Discovered: women can't handle pain, solving climate change with airplanes, a new gene to help Japanese rice farmers, Facebook friends are unreliable. 

  • Women complain more about pain than men do. If men had to have full-sized babies come out of their bodies, they wouldn't moan about it so much, suggests a new study. When looking at pain scores for 72,000 patients they found women reported feeling more pain in 39 of 47 common health problems. This could mean that men are more badass then women. Or, it could just mean they are liars. "Men may be under-reporting it, say if they are being seen by a female nurse," explains Atul Butte, a Stanford University researcher. Given our experiences with the males in our lives acting like big babies any time they get a cold, we think this reporting theory is more likely. [The Telegraph]
  • Another idea for fixing our ever-warming earth. Last week, science found a molecule that could fix everything, this week we have a more complicated technique: sunshade engineering. Basically, humans would scatter sunlight back to space using high-flying airplanes to constantly replenish a layer of small particles into the stratosphere. Very high tech, but it works. "In many regions, future climate change is predicted to put crops under temperature stress, reducing yields. This stress is alleviated by geoengineering," researcher Julia Pongratz said. "At the same time, the beneficial effects that a higher CO2 concentration has on plant productivity remain active." The airplane method isn't the only scheme science has thought up to manually cool the Earth -- some thought of the brilliant idea to reflect sunlight back to space. But, these other methods have done more harm then help. [Carnegie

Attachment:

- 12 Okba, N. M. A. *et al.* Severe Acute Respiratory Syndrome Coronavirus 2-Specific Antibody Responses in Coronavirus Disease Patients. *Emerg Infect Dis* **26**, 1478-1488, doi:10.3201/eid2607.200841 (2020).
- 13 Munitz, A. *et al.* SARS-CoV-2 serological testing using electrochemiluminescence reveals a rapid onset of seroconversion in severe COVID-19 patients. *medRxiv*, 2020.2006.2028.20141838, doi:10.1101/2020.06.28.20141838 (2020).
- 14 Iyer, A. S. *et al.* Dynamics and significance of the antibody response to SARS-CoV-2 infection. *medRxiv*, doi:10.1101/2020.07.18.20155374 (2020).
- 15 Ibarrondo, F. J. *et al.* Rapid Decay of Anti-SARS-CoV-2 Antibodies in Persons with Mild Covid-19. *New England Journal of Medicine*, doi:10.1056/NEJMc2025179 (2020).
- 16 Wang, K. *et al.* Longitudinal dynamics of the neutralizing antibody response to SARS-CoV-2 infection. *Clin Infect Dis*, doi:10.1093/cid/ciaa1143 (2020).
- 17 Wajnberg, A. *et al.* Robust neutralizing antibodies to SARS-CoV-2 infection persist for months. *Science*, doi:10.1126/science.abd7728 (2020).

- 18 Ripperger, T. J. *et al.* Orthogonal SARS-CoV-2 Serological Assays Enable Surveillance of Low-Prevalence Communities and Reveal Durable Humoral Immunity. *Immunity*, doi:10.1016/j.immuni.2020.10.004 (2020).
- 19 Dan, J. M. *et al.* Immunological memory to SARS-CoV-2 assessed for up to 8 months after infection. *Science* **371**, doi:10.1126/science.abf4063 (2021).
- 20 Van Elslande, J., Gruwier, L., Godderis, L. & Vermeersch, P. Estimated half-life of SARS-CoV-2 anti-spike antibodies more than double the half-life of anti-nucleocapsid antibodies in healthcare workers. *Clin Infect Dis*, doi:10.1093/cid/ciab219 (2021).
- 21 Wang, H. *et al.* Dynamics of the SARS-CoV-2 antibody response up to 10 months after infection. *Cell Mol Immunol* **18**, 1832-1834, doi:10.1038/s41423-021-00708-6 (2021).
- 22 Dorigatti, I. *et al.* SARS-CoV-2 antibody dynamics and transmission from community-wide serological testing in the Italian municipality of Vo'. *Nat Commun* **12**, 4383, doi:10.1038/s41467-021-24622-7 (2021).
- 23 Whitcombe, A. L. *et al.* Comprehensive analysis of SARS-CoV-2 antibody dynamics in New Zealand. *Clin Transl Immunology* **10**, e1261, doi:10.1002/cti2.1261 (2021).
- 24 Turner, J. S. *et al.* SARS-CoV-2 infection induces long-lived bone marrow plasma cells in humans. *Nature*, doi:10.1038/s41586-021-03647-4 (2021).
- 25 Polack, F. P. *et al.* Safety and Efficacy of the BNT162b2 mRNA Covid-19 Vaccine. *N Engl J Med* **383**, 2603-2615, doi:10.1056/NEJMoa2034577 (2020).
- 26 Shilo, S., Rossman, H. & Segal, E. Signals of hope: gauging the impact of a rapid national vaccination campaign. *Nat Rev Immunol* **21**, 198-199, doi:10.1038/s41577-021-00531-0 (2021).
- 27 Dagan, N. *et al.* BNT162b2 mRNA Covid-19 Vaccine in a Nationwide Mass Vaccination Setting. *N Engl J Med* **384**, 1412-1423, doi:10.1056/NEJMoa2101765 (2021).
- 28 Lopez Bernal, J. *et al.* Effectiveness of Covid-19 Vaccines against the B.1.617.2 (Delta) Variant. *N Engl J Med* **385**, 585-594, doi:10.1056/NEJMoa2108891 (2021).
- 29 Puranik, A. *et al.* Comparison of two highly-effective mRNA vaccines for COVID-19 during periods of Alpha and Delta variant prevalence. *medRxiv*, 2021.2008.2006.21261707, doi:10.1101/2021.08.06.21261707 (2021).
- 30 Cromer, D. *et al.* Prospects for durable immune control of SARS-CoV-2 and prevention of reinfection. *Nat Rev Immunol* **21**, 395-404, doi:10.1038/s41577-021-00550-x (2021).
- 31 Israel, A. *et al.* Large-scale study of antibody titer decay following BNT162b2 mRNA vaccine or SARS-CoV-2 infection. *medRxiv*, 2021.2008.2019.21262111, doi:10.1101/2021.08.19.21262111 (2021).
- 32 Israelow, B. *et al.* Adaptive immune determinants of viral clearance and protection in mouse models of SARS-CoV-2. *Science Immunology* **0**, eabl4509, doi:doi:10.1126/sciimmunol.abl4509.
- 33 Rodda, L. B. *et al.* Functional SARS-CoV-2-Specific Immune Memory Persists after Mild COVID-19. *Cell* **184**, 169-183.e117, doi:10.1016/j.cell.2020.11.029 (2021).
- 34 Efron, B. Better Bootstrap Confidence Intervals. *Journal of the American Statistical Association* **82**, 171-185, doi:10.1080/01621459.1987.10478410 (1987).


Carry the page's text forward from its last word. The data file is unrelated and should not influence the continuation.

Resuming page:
• Helping Japanese rice growers effected by the tsunami. Scientists have figured out a way to speed up the time it takes to isolate certain genes in plants, like salt-tolerance. For all those rice paddy fields doused in Tsunami waters, this provides hope that those farmers will have fields up and running within a year, rather than 5-10 years. In the long term, we also imagine this discovery will prove useful as salt-water takes over the planet. [AFP]
  • Facebook friends are unreliable. Internet friends are not real friends. They will stalk photos and make fun of absurd status updates, but in a time of crisis don't depend on them. A new survey found that only 13 percent of 1,000 surveyed said they had a single person to turn to on Facebook in a time of crisis. This does not surprise us. And if surprises you, it's time to reexamine what the Internet is. [The Telegraph]